With that being said, he does consider the view that it is better to lose possession down the line than lose it centrally. Though, he changes the premise to the argument to one that is in line with his philosophy:

That’s right. But you have the ball. Why not try to keep it or create a chance from this situation?”

He continues and mentions that in 2017-18 Liverpool retained possession 45.4% from throw-ins under pressure however this increased to 68.4% in his first season. He proceeds to mention some of his wishes in terms of how football improves its understanding of throw-ins. On 23 January 2020 Liverpool scored a late winner against Wolves in a 2-1 away victory and that winner, from Roberto Firmino, came from a throw-in which was worked with intent.

Going back, throw-ins rank third from all actions when passes are removed and Liverpool, with their advanced analytics team, probably know this, too. In addition to this, some analysts have begun discussions on short free kicks and corners, detailing ways in which we can improve them from the generic illustrations we normally see. To this day fans tend to have two reactions to creative free kicks or corners:

  1. dislike due to its strangeness
  2. appreciation with the notion that it does not happen much

The question to be asked is: why is creativity from set pieces seen as interesting and new when set pieces are when the ball is still, allowing for more thinking time? Shouldn’t creativity, then, be the norm as one can practise these consistently? There was a time wherein a 3-man defence reigned supreme. At one time, it was a 5-man attack with little to no midfield. In another period a 5-man defence with part-time attackers (from midfield) was seen as superior than others. Around two decades ago the 4-4-2 was utilised in many European countries which included the majority of the best teams. In recent years there has been an emphasis on variations of the 4-3-3 formation whether that is a 4-1-2-3, a 4-2-1-3 or, in the rare case, the 4-2-3-1 which, whilst different, has similarities to a 4-3-3 set-up depending on personnel.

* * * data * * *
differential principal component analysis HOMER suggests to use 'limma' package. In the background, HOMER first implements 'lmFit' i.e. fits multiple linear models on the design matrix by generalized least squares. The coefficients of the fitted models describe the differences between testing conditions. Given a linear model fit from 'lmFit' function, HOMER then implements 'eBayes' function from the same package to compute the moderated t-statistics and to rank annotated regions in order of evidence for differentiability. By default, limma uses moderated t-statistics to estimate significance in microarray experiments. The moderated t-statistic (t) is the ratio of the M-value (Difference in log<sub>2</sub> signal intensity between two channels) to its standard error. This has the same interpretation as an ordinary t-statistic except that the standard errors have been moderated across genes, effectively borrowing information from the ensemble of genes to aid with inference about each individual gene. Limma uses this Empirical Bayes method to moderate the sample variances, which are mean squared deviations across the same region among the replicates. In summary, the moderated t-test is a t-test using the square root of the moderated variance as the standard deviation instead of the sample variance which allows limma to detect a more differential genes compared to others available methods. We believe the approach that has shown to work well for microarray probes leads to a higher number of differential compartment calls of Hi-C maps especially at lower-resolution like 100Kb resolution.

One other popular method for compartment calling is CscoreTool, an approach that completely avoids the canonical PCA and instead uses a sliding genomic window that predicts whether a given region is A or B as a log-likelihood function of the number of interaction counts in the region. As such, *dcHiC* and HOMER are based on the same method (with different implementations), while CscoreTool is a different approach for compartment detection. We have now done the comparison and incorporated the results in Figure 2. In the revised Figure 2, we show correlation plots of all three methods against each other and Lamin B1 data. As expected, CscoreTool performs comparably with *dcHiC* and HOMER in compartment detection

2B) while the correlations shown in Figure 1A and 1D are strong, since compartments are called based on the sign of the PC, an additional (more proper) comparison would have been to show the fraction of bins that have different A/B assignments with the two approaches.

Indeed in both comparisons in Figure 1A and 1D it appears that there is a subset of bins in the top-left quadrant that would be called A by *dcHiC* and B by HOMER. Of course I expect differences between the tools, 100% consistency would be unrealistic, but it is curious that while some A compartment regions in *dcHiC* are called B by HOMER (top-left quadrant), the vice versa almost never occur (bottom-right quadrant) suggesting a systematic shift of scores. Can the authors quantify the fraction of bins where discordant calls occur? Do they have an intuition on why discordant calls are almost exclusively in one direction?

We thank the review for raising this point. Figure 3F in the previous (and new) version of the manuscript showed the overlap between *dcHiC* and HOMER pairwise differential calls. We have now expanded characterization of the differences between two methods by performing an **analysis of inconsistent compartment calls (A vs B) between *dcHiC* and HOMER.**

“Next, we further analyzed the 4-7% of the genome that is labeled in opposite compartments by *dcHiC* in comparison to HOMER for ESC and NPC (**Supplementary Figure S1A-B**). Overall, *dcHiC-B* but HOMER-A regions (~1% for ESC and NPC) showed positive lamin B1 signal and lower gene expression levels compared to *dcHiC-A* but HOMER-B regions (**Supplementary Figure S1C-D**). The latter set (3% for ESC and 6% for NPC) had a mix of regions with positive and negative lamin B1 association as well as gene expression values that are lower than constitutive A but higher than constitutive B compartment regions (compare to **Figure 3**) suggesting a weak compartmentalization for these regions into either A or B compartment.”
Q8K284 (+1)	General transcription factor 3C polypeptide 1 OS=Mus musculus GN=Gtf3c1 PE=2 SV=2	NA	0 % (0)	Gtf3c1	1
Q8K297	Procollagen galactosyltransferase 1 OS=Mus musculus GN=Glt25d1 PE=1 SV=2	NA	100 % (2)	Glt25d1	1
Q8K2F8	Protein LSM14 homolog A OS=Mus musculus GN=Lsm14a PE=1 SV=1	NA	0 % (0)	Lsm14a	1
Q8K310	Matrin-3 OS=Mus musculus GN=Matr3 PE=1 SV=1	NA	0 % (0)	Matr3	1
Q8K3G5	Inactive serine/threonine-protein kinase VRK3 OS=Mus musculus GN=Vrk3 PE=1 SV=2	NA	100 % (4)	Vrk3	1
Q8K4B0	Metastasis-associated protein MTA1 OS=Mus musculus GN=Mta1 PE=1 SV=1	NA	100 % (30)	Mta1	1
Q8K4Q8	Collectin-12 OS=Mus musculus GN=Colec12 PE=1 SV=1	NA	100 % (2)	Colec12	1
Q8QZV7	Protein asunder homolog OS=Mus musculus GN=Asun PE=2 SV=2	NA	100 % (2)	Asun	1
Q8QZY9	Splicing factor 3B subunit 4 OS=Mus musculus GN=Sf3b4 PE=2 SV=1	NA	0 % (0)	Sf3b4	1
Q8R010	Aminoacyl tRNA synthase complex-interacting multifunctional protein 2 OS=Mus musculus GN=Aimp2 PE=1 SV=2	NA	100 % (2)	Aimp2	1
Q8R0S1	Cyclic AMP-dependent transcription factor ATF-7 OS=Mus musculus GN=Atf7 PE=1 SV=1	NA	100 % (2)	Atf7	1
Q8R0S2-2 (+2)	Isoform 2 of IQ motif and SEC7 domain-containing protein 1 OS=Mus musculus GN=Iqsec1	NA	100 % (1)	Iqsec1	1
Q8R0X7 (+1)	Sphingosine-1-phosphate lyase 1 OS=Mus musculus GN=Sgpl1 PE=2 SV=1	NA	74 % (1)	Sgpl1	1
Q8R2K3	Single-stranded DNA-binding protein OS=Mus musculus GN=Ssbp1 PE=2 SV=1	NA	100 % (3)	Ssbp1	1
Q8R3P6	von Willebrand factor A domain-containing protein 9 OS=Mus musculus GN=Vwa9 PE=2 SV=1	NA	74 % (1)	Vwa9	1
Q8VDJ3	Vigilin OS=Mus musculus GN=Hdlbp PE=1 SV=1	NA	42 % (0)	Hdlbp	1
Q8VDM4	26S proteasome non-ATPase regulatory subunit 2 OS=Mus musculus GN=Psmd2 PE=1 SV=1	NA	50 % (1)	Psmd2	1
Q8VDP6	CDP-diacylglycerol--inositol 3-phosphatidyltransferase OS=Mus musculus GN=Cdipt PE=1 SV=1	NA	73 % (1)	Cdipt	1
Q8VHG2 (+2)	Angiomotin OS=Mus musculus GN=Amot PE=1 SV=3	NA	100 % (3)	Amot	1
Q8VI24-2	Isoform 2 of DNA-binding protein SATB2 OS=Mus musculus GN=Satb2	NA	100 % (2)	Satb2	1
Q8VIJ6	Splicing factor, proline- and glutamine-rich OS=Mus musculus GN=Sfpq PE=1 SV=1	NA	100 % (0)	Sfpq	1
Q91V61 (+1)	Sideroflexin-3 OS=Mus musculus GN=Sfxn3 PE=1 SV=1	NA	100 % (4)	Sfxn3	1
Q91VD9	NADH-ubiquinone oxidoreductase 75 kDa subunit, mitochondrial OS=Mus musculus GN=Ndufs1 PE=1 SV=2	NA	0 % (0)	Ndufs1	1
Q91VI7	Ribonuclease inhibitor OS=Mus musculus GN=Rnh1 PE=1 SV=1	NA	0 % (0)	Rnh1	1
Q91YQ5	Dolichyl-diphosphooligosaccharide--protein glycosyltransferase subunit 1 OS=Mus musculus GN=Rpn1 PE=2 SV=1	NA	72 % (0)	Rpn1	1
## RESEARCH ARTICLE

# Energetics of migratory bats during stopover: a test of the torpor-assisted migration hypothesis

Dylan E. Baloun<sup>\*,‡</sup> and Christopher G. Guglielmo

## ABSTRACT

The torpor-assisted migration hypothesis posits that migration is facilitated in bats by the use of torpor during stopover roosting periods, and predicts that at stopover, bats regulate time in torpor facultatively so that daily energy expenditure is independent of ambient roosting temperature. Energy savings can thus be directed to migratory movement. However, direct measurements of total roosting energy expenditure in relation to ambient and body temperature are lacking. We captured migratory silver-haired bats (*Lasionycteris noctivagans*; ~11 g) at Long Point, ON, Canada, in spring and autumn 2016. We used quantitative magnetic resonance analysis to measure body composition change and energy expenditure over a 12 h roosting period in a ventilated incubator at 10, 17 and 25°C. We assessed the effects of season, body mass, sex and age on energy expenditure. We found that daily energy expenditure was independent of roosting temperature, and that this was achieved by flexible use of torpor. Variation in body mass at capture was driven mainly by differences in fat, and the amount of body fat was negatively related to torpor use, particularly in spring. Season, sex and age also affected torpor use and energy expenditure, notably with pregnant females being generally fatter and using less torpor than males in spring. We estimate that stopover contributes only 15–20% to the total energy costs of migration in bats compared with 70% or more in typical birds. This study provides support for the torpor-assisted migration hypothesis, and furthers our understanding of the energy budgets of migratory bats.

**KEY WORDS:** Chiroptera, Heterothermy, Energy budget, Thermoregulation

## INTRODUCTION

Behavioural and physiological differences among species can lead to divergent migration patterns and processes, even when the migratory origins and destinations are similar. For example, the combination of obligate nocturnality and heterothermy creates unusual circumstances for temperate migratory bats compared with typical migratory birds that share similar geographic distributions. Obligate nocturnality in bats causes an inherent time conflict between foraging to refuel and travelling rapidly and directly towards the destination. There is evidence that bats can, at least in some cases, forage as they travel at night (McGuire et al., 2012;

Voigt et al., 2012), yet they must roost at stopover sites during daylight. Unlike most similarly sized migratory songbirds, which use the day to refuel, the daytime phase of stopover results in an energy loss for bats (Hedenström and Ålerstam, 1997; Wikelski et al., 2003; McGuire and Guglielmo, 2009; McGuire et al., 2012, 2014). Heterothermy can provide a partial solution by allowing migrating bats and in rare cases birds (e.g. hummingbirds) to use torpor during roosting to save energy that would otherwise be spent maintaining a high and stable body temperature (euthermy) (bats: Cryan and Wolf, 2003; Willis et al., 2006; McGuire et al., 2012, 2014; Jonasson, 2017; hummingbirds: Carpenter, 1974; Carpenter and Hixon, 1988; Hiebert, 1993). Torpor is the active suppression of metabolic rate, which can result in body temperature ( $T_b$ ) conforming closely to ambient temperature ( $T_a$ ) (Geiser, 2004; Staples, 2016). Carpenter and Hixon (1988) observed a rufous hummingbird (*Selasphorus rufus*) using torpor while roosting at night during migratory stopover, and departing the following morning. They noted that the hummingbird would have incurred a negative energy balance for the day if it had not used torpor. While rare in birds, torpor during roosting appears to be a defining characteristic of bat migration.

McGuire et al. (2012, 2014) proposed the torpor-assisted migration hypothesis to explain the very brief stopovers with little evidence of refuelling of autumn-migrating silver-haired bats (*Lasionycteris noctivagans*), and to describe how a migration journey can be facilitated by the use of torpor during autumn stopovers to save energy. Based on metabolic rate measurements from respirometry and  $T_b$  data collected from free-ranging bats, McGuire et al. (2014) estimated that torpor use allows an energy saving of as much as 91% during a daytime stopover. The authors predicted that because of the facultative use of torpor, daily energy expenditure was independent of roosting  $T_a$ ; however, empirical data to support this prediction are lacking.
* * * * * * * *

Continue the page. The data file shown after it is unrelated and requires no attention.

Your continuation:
Slowly but surely…greater statistics in football – it remains an infant compared to other sports in this regard – is creating greater opportunity for analysts to notice trends, commenting on the causes for such trends existing. This is creating a new wave of coaches who seek to analyse football with numbers in tandem with the eye test as opposed to just the latter. This will only increase as more statistics become available to analysts and the public.

Football is a strange sport. It is about to become stranger.